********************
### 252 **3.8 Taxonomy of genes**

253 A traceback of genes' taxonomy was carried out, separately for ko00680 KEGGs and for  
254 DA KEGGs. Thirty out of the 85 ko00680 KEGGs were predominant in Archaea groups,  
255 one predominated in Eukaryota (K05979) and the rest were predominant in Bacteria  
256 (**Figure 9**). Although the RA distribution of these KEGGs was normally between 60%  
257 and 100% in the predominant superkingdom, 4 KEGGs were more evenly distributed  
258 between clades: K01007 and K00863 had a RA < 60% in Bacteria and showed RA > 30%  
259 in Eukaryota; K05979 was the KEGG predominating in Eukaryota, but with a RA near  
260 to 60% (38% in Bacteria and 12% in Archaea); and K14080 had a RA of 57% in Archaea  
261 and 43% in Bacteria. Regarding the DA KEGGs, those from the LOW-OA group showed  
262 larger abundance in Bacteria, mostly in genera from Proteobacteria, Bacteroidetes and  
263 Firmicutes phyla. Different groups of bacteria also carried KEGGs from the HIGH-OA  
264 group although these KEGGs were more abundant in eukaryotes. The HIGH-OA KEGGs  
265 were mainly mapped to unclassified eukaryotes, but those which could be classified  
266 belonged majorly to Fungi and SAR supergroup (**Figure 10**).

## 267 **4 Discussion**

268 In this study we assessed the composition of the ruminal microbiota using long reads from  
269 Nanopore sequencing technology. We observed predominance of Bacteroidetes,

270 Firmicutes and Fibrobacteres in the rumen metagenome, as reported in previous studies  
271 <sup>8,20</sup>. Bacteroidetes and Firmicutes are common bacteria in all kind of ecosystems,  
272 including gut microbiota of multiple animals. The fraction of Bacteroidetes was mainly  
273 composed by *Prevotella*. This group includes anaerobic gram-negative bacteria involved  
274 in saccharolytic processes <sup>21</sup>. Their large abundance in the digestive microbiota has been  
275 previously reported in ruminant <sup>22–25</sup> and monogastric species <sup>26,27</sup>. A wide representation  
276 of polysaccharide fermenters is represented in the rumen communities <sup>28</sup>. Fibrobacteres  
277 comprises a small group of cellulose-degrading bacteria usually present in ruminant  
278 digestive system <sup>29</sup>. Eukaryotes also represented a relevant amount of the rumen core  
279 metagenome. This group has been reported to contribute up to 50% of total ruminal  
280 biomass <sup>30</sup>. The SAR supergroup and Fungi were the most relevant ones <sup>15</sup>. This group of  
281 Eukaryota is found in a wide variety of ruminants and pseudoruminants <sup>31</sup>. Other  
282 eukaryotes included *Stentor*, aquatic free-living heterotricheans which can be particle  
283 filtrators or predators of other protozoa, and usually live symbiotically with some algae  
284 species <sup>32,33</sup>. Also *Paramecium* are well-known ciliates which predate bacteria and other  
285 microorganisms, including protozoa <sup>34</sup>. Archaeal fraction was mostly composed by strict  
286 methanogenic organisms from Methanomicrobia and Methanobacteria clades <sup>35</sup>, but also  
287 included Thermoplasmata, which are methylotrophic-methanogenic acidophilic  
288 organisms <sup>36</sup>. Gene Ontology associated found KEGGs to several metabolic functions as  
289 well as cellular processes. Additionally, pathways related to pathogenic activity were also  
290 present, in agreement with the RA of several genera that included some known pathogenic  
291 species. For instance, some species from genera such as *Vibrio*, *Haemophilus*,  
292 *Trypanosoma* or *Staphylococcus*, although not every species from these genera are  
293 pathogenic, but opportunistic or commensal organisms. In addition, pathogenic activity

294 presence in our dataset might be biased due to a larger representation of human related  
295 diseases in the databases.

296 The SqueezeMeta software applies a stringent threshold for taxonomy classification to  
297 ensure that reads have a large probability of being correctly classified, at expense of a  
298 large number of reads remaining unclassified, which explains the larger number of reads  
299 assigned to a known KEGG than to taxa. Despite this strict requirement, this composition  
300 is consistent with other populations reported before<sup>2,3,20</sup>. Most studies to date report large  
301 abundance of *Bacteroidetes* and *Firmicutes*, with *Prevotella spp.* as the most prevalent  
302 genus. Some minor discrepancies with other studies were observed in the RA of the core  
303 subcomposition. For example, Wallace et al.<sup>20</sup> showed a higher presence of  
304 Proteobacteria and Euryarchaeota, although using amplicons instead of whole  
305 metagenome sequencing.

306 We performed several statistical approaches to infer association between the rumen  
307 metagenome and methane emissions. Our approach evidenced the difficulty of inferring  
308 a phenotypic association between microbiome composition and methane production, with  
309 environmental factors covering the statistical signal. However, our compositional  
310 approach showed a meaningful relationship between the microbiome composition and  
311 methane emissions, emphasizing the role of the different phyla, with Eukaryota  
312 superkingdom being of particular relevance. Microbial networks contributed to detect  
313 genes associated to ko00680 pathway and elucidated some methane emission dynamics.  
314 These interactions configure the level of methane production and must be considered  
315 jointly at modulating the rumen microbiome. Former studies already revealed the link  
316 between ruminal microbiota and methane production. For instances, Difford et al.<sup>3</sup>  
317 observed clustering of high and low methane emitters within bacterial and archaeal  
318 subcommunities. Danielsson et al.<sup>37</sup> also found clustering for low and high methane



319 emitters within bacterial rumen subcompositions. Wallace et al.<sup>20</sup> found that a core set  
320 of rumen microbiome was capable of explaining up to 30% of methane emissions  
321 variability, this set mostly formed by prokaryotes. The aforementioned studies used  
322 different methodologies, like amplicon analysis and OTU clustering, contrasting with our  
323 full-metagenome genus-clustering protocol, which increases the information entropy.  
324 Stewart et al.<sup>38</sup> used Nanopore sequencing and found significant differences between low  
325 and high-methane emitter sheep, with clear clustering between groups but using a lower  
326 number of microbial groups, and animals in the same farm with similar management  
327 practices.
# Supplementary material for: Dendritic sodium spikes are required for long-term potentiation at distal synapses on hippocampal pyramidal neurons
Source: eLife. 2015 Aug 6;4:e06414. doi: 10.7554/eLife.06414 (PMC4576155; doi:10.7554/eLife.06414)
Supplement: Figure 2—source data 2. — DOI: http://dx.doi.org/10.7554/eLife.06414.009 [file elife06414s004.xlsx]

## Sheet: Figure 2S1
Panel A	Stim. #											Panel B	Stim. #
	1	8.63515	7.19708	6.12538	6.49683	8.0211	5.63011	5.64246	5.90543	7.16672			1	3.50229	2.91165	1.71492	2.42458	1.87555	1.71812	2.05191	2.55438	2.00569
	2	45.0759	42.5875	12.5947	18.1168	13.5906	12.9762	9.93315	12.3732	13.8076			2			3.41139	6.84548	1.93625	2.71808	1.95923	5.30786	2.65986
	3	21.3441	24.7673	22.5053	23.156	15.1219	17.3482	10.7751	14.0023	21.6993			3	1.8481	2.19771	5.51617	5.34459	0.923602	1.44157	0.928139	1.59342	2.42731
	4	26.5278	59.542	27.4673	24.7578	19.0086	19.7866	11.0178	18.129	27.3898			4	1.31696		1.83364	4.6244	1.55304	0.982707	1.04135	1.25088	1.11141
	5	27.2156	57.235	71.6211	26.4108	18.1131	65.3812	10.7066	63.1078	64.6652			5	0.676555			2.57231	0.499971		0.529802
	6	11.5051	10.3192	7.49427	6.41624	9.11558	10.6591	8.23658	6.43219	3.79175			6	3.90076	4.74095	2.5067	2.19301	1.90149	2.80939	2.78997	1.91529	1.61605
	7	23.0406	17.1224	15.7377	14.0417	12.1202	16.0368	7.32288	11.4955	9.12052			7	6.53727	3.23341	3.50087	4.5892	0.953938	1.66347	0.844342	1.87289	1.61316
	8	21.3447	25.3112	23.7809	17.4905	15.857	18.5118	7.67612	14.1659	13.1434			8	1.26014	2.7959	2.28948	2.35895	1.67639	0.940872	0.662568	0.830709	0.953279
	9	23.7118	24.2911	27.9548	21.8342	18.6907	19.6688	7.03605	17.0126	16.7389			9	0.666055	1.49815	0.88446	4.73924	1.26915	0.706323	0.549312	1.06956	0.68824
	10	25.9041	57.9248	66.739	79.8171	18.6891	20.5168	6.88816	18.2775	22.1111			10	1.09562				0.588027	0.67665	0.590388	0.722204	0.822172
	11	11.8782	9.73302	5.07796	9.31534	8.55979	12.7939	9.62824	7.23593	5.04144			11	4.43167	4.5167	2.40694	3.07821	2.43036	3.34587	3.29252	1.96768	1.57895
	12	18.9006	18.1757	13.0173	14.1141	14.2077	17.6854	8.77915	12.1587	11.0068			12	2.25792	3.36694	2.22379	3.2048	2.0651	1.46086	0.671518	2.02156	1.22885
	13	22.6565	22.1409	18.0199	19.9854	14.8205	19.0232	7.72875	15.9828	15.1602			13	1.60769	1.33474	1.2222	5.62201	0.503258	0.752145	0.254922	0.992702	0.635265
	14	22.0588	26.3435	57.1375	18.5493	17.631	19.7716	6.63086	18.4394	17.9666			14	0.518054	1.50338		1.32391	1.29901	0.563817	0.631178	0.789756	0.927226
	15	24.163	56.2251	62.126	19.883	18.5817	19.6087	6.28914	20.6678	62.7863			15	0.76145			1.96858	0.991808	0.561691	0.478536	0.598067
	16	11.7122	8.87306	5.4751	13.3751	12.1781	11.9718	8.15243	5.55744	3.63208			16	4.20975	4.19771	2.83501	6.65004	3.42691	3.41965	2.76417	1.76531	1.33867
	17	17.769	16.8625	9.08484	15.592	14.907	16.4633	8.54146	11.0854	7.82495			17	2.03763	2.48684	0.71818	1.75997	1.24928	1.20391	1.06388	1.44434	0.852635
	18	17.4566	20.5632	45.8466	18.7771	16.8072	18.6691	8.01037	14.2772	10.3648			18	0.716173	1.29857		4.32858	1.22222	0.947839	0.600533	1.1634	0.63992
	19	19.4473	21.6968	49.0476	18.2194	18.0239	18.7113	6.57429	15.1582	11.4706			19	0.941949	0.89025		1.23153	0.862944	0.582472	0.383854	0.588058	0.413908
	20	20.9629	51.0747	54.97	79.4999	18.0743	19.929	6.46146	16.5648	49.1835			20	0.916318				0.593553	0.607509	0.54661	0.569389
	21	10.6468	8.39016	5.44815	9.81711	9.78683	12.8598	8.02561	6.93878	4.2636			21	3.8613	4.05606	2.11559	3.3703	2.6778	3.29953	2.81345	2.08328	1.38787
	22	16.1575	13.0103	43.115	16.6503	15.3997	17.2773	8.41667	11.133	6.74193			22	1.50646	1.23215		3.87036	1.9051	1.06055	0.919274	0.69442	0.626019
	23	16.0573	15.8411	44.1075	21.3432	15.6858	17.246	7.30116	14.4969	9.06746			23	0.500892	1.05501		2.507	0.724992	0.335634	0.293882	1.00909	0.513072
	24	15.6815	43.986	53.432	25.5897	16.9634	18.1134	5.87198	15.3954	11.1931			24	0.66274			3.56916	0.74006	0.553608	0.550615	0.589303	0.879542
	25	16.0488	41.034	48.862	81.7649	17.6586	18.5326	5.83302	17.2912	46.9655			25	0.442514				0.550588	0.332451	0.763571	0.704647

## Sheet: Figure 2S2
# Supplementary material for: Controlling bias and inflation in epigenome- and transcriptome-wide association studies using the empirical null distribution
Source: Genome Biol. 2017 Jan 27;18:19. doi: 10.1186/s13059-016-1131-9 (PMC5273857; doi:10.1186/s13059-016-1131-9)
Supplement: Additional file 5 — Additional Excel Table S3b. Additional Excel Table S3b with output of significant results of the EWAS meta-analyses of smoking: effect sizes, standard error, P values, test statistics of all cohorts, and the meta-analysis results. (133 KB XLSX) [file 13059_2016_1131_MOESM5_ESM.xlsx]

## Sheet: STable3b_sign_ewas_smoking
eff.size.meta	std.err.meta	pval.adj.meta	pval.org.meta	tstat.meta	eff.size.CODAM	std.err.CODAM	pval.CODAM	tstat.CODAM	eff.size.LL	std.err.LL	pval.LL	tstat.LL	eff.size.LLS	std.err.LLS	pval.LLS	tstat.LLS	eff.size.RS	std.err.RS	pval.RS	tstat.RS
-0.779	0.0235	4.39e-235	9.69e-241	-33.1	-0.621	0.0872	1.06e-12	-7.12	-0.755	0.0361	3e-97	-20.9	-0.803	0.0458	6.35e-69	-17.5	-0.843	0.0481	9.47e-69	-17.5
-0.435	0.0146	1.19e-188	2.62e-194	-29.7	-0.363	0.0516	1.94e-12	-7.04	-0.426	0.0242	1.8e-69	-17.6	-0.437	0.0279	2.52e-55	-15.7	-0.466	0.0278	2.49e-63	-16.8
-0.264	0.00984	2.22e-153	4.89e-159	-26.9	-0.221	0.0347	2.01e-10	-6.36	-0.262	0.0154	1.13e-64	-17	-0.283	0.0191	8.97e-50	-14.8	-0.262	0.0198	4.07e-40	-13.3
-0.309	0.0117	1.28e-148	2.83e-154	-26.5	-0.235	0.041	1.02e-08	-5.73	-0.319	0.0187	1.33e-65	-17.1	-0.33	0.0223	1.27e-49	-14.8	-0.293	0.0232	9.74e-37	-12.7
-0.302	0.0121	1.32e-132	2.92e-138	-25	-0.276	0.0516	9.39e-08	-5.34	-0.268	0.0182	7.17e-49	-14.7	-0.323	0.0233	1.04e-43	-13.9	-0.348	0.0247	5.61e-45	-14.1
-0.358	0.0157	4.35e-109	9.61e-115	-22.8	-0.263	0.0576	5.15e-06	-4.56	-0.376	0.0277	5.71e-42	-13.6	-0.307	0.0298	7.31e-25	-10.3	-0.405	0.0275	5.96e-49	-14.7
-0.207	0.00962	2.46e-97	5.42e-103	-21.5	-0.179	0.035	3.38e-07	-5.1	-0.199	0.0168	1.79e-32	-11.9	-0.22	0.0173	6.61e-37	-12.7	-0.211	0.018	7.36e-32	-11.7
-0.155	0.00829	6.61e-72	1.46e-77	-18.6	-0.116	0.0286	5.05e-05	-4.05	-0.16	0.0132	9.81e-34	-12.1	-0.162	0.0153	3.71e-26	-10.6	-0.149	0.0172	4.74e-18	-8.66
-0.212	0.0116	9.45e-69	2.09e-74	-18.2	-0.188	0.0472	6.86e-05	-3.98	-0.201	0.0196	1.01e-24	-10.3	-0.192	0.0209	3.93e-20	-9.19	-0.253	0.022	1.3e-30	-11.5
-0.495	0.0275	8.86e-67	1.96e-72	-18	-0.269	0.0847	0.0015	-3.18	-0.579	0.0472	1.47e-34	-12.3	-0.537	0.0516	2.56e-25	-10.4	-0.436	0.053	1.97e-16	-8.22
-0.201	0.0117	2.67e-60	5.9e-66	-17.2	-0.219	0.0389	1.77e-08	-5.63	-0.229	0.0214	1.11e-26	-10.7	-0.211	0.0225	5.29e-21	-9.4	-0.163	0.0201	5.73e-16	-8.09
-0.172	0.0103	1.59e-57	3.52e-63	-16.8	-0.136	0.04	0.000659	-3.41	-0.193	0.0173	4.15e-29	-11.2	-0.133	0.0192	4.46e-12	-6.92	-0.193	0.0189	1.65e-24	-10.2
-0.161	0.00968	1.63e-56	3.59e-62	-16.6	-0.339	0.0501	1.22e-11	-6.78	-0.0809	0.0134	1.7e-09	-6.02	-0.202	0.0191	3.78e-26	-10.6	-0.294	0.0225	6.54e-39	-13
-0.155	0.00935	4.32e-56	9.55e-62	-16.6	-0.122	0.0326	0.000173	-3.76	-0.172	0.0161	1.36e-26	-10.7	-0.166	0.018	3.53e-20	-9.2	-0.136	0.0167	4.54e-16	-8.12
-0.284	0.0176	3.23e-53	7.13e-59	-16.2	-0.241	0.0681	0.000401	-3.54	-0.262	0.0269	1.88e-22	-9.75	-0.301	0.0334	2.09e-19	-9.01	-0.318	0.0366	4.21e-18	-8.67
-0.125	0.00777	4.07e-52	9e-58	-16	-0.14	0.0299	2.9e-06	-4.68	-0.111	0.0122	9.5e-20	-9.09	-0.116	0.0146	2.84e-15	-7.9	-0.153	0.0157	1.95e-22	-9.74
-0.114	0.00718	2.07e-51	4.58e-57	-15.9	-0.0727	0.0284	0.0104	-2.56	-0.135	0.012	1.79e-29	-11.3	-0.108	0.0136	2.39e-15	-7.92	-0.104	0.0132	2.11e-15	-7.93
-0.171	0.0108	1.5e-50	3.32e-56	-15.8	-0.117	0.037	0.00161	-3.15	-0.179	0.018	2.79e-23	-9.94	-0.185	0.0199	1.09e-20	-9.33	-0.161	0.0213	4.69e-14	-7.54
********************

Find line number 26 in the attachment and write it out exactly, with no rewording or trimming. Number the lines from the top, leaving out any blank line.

277 comprises a small group of cellulose-degrading bacteria usually present in ruminant  